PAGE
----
• Monday 24th June 2019

Blacklisted In Baluchistan By Sumit Galhotra/Committee To Protect Journalists

Apparently, reporting on Baluchistan is a red line that foreign journalists must not cross. “I seem to be blacklisted for writing a book on Baluchistan,” he told me

Blacklisted in Baluchistan

By Sumit Galhotra/CPJ Asia Program Research Associate

Willem Marx, right, launched his book ‘Balochistan at a Crossroads’ on March 13 in New York City. (CPJ/Sumit Galhotra)

Willem Marx, right, launched his book ‘Balochistan at a Crossroads’ on March 13 in New York City. (CPJ/Sumit Galhotra)

Pakistani Prime Minister Nawaz Sharif made a series of commitments to safeguard press freedom during a meeting with a CPJ delegation last week. Among them was a pledge to speak out in support of media freedom and against attacks on journalists, particularly in high-conflict areas like Baluchistan.

Baluchistan–Pakistan’s largest province by area–has been mired in a separatist conflict since the inception of Pakistan in 1947. Some journalists have termed Baluchistan Pakistan’s black hole. Local journalists work in a climate of intense intimidation and risk being killed by an array of actors, including Pakistani security forces and intelligence agencies, state-sponsored anti-separatist militant groups, pro-Taliban groups, and Baluch separatists. Foreign journalists seeking to cover the restive province face tight restrictions.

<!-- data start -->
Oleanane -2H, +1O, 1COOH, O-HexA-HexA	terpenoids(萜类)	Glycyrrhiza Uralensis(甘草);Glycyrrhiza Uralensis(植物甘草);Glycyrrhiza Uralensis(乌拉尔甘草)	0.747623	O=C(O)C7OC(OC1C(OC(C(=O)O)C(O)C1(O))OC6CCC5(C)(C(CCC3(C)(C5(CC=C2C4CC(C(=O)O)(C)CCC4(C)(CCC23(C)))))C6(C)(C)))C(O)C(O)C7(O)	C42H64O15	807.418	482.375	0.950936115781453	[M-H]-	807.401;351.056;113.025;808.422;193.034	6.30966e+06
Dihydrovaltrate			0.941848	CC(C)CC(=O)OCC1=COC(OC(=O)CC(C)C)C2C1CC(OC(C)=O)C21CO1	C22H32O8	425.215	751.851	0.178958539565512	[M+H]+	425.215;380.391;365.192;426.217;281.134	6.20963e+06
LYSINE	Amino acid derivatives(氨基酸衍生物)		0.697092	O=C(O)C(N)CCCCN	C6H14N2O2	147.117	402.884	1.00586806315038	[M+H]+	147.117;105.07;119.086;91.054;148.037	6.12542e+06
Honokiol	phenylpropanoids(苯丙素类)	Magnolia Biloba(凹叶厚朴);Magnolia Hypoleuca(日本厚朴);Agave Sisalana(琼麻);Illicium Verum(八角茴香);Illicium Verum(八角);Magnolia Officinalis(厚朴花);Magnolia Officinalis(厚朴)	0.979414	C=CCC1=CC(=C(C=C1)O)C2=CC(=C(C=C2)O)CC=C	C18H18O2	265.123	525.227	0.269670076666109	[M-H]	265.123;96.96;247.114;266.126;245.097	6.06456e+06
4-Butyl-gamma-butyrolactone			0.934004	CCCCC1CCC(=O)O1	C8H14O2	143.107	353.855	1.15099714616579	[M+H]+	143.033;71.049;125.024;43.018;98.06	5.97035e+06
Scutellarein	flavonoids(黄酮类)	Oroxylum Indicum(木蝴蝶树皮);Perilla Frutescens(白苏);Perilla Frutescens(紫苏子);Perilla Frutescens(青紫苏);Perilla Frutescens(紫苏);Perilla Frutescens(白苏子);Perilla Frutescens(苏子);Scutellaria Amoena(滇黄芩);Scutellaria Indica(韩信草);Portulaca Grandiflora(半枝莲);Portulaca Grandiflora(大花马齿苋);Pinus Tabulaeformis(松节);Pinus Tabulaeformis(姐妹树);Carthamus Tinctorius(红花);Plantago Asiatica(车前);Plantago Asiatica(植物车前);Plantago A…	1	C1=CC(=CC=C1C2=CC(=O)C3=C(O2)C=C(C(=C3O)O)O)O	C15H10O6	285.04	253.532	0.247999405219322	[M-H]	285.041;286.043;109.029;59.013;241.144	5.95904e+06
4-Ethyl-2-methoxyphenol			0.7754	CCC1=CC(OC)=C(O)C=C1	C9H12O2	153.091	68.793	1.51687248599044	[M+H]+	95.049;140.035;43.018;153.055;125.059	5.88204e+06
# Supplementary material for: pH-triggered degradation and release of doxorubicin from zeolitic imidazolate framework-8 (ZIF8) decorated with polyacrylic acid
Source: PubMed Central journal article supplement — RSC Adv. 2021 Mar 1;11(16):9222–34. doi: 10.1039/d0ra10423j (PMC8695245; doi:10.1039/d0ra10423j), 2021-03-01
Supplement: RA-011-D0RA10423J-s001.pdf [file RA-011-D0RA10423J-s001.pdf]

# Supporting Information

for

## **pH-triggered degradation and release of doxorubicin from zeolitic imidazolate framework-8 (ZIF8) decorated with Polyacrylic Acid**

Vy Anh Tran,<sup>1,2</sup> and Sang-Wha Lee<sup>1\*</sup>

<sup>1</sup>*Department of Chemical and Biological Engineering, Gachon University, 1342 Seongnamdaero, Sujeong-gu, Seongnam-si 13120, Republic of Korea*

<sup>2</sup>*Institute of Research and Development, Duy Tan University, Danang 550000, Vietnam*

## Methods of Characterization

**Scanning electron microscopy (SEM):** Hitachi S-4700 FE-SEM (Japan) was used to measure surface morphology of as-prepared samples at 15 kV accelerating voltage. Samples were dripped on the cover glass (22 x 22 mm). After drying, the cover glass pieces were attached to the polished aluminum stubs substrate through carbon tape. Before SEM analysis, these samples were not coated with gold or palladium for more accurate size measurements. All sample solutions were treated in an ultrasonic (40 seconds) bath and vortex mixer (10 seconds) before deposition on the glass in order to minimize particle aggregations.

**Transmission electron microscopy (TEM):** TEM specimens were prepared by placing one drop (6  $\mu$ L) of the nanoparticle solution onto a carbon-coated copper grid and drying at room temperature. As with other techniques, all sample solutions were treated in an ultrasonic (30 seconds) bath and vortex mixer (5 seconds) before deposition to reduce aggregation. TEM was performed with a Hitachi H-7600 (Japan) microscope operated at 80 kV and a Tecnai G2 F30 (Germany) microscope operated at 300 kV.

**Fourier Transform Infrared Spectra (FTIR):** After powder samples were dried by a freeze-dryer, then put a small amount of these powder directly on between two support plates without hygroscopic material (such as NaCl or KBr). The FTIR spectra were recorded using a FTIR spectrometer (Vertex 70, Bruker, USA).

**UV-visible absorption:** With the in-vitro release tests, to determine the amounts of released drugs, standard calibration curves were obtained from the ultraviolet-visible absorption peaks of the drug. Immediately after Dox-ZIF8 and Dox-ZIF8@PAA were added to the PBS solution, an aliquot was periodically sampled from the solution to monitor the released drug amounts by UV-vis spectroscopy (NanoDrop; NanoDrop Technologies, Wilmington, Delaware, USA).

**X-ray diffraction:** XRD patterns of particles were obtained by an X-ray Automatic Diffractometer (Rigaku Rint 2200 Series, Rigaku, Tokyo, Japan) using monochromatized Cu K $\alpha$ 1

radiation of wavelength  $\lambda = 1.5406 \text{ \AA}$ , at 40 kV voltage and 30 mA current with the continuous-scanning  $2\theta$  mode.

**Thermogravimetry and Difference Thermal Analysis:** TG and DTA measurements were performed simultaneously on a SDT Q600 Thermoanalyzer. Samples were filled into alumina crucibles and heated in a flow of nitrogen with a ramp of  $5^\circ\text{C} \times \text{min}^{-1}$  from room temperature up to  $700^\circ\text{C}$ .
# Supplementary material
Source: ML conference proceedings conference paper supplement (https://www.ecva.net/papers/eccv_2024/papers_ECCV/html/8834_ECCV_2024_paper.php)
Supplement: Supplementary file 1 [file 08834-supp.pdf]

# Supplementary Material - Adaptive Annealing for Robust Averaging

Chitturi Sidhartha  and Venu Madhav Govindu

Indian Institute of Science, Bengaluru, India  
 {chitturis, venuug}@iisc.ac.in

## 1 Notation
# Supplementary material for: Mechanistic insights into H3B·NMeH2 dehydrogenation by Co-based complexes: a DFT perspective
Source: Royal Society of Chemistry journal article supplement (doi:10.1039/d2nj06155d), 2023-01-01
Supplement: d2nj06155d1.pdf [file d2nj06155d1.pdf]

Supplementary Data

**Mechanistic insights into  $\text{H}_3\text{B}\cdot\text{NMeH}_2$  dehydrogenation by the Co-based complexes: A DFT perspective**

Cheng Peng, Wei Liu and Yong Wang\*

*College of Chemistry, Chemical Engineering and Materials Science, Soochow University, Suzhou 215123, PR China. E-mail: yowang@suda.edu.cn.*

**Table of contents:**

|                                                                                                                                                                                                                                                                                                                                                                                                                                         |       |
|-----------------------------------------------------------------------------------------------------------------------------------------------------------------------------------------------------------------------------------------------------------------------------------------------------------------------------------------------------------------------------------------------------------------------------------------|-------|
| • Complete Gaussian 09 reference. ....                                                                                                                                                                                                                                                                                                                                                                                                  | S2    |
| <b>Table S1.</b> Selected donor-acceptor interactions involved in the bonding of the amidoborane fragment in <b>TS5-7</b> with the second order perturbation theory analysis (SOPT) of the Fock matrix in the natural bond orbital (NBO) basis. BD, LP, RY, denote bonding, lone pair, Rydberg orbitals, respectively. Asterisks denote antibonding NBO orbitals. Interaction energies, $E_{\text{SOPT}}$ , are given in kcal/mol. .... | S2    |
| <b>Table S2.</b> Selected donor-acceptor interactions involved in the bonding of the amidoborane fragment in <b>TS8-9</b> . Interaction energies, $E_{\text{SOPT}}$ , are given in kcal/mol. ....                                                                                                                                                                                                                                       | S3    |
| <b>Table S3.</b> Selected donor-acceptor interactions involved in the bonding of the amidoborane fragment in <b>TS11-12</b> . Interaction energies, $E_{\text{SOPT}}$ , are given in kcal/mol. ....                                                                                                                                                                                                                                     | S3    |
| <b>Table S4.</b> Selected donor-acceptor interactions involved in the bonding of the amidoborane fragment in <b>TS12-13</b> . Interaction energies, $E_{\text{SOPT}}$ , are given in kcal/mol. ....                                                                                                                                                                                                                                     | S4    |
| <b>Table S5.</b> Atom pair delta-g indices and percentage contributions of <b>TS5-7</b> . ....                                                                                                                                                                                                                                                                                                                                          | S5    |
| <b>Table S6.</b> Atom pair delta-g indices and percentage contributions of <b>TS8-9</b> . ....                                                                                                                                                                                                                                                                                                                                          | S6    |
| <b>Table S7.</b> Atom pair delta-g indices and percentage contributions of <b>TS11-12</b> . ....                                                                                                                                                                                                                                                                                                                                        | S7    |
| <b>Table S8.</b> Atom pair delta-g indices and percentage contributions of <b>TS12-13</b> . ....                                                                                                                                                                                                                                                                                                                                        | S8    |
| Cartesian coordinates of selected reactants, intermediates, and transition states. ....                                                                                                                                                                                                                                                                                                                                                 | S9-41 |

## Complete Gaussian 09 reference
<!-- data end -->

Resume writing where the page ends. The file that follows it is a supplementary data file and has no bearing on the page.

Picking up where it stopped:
Last month, Pakistani authorities denied British journalist Willem Marx an entry visa to participate in a panel on reporting in Pakistan at the Lahore Literary Festival. The apparent reason: his newly released book, Balochistan at a Crossroads. Pakistani consular staff in New York informed Marx he was not welcome in the country. Marx told CPJ that after much probing, the consular official muttered to him, “It was the agencies”–a term used for Pakistan’s intelligence apparatus, which includes the powerful Inter-Services Intelligence (ISI).

This wasn’t the first time Marx had dismayed Pakistan’s intelligence agencies. During his reporting in 2009–despite obtaining a No Objection Certificate (NOC), without which foreigners are generally not allowed into the province–it was clear Marx was not welcome there by the ISI. “It’s an incredibly intimidating place to work,” he said. ISI agents followed him throughout his time there, he told me. As a result, it was at times difficult for Marx to get people to meet with him, because to do so would invite trouble from the intelligence agencies. There are checkpoints everywhere in the province, he said.

On his departure from the country, authorities detained Marx for over an hour at the Karachi airport. The unidentified officials who held him said the intelligence agencies were not happy about his meeting with a Baluch separatist group during his reporting trip to the province. The officials confiscated one of Marx’s videotapes.

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